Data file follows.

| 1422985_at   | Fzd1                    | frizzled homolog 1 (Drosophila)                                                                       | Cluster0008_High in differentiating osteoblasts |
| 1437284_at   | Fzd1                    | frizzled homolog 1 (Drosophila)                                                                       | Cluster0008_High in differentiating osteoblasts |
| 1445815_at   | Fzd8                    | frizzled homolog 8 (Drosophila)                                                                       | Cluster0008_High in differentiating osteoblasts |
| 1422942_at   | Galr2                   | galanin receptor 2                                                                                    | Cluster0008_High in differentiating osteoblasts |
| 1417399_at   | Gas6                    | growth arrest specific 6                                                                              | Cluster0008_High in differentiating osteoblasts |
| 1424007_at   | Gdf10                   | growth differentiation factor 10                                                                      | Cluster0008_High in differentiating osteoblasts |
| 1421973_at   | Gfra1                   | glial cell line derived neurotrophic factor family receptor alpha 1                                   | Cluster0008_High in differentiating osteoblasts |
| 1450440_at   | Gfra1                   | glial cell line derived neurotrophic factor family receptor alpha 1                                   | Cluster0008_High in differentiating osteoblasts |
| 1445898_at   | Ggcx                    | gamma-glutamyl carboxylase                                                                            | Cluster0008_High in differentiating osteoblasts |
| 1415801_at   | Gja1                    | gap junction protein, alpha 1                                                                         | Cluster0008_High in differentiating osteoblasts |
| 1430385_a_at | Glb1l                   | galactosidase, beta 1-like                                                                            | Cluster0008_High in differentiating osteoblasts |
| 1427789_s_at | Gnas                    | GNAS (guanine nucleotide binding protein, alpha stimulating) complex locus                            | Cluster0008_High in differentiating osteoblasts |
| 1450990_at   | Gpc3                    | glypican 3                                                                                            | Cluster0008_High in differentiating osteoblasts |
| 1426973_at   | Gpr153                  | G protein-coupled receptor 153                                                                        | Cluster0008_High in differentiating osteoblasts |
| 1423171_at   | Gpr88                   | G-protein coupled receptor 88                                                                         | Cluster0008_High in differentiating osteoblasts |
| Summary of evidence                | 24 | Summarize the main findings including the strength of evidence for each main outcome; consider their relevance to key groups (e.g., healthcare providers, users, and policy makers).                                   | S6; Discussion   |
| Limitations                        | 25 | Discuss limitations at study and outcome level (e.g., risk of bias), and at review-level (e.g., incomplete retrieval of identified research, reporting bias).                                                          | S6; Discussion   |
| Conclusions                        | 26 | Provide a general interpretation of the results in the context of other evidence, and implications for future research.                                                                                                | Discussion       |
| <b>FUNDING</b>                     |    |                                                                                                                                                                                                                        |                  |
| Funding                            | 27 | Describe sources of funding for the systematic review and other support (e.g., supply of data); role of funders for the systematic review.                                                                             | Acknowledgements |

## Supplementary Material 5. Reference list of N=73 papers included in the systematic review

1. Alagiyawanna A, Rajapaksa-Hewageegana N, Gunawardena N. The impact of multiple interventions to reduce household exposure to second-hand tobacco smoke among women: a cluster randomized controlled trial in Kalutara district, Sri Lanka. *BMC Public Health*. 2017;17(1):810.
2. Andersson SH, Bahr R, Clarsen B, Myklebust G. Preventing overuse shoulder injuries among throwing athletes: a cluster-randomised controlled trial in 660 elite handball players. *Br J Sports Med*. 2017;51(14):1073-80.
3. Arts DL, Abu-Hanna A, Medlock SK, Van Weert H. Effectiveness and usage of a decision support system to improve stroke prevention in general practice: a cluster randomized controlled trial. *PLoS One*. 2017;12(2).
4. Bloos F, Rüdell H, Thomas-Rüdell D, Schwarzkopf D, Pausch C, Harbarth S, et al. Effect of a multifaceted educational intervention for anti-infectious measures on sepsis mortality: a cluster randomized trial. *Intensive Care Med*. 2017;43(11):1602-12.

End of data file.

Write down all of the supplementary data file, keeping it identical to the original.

| 1422985_at   | Fzd1                    | frizzled homolog 1 (Drosophila)                                                                       | Cluster0008_High in differentiating osteoblasts |
| 1437284_at   | Fzd1                    | frizzled homolog 1 (Drosophila)                                                                       | Cluster0008_High in differentiating osteoblasts |
| 1445815_at   | Fzd8                    | frizzled homolog 8 (Drosophila)                                                                       | Cluster0008_High in differentiating osteoblasts |
| 1422942_at   | Galr2                   | galanin receptor 2                                                                                    | Cluster0008_High in differentiating osteoblasts |
| 1417399_at   | Gas6                    | growth arrest specific 6                                                                              | Cluster0008_High in differentiating osteoblasts |
| 1424007_at   | Gdf10                   | growth differentiation factor 10                                                                      | Cluster0008_High in differentiating osteoblasts |
| 1421973_at   | Gfra1                   | glial cell line derived neurotrophic factor family receptor alpha 1                                   | Cluster0008_High in differentiating osteoblasts |
| 1450440_at   | Gfra1                   | glial cell line derived neurotrophic factor family receptor alpha 1                                   | Cluster0008_High in differentiating osteoblasts |
| 1445898_at   | Ggcx                    | gamma-glutamyl carboxylase                                                                            | Cluster0008_High in differentiating osteoblasts |
| 1415801_at   | Gja1                    | gap junction protein, alpha 1                                                                         | Cluster0008_High in differentiating osteoblasts |
| 1430385_a_at | Glb1l                   | galactosidase, beta 1-like                                                                            | Cluster0008_High in differentiating osteoblasts |
| 1427789_s_at | Gnas                    | GNAS (guanine nucleotide binding protein, alpha stimulating) complex locus                            | Cluster0008_High in differentiating osteoblasts |
| 1450990_at   | Gpc3                    | glypican 3                                                                                            | Cluster0008_High in differentiating osteoblasts |
| 1426973_at   | Gpr153                  | G protein-coupled receptor 153                                                                        | Cluster0008_High in differentiating osteoblasts |
| 1423171_at   | Gpr88                   | G-protein coupled receptor 88                                                                         | Cluster0008_High in differentiating osteoblasts |
| Summary of evidence                | 24 | Summarize the main findings including the strength of evidence for each main outcome; consider their relevance to key groups (e.g., healthcare providers, users, and policy makers).                                   | S6; Discussion   |
| Limitations                        | 25 | Discuss limitations at study and outcome level (e.g., risk of bias), and at review-level (e.g., incomplete retrieval of identified research, reporting bias).                                                          | S6; Discussion   |
| Conclusions                        | 26 | Provide a general interpretation of the results in the context of other evidence, and implications for future research.                                                                                                | Discussion       |
| <b>FUNDING</b>                     |    |                                                                                                                                                                                                                        |                  |
| Funding                            | 27 | Describe sources of funding for the systematic review and other support (e.g., supply of data); role of funders for the systematic review.                                                                             | Acknowledgements |

## Supplementary Material 5. Reference list of N=73 papers included in the systematic review

1. Alagiyawanna A, Rajapaksa-Hewageegana N, Gunawardena N. The impact of multiple interventions to reduce household exposure to second-hand tobacco smoke among women: a cluster randomized controlled trial in Kalutara district, Sri Lanka. *BMC Public Health*. 2017;17(1):810.
2. Andersson SH, Bahr R, Clarsen B, Myklebust G. Preventing overuse shoulder injuries among throwing athletes: a cluster-randomised controlled trial in 660 elite handball players. *Br J Sports Med*. 2017;51(14):1073-80.
3. Arts DL, Abu-Hanna A, Medlock SK, Van Weert H. Effectiveness and usage of a decision support system to improve stroke prevention in general practice: a cluster randomized controlled trial. *PLoS One*. 2017;12(2).
4. Bloos F, Rüdell H, Thomas-Rüdell D, Schwarzkopf D, Pausch C, Harbarth S, et al. Effect of a multifaceted educational intervention for anti-infectious measures on sepsis mortality: a cluster randomized trial. *Intensive Care Med*. 2017;43(11):1602-12.